Terry McLaughlin: What’s your school teaching kids about sex?
In January 2016, California updated statutes regarding comprehensive sexual health and HIV prevention education in public schools with AB 329. Among the co-sponsors of this bill, helping to write both the legislation and the curriculum, are the ACLU of California and Planned Parenthood Affiliates of California.
AB 329 describes what must be taught and the California State Department of Education develops how it will be taught. Do you know how your child’s school district is planning to comply with AB 329?
Collaboration with textbook publishers on the health framework approved by the Department of Education on May 9 will begin this fall. The new health books and curricula will be introduced in our public schools over the next few years. While the majority of the topics included in the framework are entirely appropriate, such as nutrition, exercise, bicycle safety, bullying, and basic reproductive health instruction, some of the materials are shockingly inappropriate for young children and pre-adolescents.
Information gleaned from a brief internet search describes a relatively benign and reasonable curriculum geared toward encouraging positive attitudes toward adolescent growth, body image, healthy relationships, avoiding sexually transmitted infections and pregnancy, and dispelling gender stereotypes. But further searching reveals some of the resources which have been approved by the State of California, including “Positive Prevention Plus” and several “Sexual Health Tool Kits.”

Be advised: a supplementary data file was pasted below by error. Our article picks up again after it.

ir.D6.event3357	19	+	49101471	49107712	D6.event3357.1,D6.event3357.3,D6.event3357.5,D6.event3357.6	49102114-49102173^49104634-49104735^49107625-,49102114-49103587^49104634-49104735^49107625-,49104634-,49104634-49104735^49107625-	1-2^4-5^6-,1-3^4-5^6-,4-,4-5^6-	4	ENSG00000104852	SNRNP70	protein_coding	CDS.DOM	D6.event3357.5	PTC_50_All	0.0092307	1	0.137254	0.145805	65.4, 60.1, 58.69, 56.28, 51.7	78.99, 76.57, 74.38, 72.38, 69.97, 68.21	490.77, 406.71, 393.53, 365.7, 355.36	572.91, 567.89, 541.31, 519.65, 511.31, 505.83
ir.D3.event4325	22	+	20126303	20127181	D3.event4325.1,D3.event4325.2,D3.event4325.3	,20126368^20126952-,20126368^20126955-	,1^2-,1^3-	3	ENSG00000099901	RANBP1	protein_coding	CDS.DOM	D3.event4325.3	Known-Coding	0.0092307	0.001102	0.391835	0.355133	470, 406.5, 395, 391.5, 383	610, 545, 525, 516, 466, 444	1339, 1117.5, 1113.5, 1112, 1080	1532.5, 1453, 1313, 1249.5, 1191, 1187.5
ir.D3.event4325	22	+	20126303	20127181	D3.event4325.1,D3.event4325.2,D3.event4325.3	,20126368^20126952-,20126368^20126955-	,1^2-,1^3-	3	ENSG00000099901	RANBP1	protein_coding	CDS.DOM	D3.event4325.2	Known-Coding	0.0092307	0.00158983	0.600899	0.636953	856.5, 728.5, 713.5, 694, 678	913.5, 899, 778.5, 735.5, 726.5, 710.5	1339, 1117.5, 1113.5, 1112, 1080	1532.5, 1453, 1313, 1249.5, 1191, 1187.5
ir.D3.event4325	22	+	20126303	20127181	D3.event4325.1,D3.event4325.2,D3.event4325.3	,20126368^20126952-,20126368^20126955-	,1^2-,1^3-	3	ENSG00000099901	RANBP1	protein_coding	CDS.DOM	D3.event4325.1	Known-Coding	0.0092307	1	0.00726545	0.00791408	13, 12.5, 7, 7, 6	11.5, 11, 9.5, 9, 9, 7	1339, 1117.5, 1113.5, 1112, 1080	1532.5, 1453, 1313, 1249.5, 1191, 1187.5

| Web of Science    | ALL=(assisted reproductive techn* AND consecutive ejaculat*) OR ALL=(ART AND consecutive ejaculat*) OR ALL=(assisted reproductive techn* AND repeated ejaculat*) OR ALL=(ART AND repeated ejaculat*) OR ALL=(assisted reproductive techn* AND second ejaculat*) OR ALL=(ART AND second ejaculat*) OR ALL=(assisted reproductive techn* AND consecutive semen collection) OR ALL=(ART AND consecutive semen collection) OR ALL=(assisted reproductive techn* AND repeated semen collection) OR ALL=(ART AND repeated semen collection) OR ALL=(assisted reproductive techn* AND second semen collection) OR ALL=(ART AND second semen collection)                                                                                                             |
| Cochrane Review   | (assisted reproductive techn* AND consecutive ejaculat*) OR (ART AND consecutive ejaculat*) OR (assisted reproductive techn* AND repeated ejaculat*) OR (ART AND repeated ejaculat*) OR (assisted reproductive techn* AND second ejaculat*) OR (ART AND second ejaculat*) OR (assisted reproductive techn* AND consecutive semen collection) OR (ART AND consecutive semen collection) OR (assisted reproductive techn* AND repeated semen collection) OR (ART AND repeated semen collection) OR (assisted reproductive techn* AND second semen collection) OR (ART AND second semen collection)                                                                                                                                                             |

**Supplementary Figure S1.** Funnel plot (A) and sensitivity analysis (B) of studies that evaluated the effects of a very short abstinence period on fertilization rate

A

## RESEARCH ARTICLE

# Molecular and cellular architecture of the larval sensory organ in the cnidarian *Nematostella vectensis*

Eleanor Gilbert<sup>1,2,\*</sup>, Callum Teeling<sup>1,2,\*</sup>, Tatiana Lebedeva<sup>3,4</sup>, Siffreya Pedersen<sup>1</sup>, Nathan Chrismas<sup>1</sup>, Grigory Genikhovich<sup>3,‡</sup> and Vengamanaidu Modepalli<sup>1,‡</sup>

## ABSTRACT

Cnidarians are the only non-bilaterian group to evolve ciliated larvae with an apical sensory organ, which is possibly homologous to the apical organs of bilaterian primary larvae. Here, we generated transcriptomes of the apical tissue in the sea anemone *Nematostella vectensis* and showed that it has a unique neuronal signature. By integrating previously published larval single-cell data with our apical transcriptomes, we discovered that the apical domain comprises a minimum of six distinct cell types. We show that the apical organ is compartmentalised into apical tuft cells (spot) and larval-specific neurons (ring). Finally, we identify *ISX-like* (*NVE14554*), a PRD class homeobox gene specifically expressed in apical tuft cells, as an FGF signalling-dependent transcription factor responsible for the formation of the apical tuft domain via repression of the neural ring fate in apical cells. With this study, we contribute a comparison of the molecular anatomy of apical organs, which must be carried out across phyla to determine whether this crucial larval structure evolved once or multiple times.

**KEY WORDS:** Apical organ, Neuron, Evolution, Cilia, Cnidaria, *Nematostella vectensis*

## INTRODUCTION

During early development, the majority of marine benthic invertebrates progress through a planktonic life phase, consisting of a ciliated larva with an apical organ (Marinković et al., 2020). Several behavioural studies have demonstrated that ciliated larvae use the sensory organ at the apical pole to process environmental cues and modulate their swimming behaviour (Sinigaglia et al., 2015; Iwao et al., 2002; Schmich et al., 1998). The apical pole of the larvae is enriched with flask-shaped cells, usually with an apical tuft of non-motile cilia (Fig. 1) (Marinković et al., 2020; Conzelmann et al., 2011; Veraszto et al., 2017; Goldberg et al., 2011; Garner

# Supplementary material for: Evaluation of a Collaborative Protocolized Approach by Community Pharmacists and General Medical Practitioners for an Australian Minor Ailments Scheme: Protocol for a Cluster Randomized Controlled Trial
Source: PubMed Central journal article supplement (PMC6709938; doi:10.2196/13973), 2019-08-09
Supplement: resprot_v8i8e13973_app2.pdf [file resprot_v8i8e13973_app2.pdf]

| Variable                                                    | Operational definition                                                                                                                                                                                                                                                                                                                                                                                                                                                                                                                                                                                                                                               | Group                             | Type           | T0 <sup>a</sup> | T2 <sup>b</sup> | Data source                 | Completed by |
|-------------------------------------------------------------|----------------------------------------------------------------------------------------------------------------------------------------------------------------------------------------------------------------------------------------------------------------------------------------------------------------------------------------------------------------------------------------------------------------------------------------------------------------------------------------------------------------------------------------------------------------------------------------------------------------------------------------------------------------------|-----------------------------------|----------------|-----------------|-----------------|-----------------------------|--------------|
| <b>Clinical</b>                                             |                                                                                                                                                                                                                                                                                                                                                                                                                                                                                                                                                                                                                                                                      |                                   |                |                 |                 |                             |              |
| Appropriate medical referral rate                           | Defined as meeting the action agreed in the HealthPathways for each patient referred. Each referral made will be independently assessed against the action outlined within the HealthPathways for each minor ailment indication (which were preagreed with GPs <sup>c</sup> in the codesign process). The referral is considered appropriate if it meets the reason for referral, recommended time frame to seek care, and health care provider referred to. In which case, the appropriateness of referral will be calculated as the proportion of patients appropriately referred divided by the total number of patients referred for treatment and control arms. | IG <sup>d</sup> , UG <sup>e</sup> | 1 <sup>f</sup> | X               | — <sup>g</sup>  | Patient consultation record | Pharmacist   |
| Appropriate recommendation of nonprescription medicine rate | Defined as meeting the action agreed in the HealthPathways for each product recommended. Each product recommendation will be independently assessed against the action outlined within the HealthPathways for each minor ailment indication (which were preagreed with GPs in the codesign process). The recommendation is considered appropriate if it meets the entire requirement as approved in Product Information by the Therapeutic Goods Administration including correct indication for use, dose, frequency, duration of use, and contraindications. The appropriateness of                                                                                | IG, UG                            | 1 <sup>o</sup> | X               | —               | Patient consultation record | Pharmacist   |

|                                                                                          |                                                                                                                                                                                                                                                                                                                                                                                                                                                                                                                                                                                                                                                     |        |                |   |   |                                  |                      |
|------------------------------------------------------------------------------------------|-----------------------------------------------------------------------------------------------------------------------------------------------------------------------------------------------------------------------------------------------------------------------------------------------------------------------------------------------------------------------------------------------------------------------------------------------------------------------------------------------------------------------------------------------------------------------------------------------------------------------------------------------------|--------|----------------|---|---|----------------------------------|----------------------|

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While these resources are not required to be used by any district, they have been approved for use by the State Board of Education. The graphic and explicit language and images approved for elementary grades, dealing with both hetero and homosexual practices, and the normalization of what many adults would consider extreme sexual activity is stunning — examples of most of which could not be printed in this newspaper.
While California law does not include a list of sex acts that must be taught to students, it does describe broadly and in detail sexual activity that must be included under instruction for disease avoidance.
At the risk of crossing the line for public consumption, you should be aware that portions of this approved curriculum instructs teachers that they may or should teach students about mutual masturbation, the use of sexual lubricants, oral sex, dental dams, anal sex, and more — otherwise they would not be fully discussing the use and effectiveness of disease prevention methods. Instruction to seventh and eighth graders can include oral and anal sex as methods of preventing pregnancy, and the curriculum includes introduction of graphically described sex toys to teens grades 9 to 12.
Is it now the responsibility of the state or school districts to provide a “how to” book of sexual instructions to pre-adolescents who are not developmentally or emotionally equipped to process this information maturely?